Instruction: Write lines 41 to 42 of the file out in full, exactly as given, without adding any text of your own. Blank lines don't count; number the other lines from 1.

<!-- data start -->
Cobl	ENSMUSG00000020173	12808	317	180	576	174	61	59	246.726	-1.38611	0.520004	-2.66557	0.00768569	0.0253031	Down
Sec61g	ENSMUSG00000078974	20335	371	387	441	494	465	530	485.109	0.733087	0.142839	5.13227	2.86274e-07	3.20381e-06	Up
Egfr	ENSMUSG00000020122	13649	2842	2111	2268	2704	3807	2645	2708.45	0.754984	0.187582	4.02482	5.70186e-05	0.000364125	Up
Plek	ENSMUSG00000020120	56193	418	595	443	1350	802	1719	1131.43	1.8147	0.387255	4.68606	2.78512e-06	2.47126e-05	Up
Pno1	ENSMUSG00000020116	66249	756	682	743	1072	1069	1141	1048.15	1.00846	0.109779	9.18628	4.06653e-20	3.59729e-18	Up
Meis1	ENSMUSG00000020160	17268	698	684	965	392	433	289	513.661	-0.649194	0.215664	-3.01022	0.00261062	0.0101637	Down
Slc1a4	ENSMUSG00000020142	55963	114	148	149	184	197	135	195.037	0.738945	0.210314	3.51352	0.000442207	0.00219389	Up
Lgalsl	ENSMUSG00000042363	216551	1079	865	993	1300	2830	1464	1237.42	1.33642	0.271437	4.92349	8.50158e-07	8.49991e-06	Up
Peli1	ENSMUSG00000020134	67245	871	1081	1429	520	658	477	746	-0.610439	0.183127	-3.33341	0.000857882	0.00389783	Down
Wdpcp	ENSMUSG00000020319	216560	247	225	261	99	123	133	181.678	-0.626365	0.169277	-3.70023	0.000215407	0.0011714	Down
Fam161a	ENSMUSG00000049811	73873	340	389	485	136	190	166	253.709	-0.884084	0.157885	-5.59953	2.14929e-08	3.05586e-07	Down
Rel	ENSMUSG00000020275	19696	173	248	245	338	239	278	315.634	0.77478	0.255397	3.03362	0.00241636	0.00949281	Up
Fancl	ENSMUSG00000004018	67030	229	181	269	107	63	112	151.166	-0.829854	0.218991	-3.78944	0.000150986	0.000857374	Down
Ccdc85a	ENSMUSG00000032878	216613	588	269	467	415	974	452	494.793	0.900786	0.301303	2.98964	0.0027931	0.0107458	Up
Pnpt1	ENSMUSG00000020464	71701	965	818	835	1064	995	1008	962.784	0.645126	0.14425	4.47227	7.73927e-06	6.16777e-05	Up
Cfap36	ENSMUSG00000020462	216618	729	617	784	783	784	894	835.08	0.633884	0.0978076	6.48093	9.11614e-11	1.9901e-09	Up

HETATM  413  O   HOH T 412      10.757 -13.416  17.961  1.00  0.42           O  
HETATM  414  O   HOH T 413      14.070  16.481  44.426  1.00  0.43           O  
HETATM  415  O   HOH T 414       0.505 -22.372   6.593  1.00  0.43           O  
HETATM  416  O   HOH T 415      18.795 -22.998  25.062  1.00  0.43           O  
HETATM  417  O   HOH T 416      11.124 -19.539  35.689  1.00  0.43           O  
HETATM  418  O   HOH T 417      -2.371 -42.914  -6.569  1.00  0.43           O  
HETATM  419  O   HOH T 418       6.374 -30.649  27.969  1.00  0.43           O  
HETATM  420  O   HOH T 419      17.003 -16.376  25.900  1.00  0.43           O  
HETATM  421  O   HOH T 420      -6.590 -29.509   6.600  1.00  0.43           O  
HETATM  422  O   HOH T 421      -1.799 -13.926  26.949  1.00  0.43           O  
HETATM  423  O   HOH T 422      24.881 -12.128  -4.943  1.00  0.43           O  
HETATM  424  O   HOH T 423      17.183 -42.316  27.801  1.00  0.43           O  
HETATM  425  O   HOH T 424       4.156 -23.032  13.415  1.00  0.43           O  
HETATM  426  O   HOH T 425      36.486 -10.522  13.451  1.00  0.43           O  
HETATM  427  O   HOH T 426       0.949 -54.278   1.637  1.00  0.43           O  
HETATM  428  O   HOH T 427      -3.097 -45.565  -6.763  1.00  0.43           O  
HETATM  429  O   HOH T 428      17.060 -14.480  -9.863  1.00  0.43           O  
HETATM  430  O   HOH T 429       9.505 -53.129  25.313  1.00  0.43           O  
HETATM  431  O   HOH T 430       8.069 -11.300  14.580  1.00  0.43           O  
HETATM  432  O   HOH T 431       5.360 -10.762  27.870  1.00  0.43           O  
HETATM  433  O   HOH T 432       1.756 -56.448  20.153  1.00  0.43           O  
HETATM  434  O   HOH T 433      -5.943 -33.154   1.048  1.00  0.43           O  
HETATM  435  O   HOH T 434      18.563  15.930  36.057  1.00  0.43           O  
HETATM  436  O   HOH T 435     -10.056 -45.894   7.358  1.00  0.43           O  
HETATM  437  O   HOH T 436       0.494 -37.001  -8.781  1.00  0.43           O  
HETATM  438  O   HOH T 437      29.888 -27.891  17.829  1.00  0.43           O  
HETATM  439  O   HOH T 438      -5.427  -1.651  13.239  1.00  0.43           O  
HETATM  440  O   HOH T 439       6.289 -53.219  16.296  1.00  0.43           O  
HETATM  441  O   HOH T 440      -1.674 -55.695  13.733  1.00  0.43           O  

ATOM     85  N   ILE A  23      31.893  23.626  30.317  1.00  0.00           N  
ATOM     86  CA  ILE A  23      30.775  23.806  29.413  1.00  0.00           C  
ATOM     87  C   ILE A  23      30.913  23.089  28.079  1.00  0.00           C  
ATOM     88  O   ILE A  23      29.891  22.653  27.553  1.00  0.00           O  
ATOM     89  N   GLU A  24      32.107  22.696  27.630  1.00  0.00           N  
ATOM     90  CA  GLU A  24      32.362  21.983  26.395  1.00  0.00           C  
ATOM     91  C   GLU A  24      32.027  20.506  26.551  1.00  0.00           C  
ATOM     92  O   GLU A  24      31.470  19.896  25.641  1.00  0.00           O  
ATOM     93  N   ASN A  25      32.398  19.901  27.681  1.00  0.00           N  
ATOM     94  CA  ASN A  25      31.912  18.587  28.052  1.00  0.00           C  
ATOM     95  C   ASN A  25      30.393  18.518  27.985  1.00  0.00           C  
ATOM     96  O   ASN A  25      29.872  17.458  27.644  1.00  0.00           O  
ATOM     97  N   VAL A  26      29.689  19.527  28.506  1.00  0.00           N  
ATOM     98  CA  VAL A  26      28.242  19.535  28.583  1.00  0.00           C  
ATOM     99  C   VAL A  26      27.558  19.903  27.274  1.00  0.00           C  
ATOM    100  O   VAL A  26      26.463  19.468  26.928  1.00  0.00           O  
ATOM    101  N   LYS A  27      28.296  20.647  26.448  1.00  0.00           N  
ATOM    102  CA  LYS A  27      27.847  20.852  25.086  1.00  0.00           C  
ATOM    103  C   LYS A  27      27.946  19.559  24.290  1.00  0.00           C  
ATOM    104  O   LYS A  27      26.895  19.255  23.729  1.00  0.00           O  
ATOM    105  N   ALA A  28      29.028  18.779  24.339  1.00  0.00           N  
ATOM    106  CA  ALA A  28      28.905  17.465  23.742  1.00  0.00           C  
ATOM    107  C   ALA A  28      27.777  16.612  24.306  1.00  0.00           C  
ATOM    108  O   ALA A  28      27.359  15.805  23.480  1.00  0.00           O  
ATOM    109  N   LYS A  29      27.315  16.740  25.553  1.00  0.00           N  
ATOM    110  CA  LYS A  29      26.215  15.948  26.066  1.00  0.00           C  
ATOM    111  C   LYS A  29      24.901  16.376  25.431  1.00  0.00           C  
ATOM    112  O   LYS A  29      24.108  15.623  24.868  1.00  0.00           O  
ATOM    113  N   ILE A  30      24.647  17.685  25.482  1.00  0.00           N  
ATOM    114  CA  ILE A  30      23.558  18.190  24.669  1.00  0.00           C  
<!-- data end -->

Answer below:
HETATM  437  O   HOH T 436       0.494 -37.001  -8.781  1.00  0.43           O  
HETATM  438  O   HOH T 437      29.888 -27.891  17.829  1.00  0.43           O  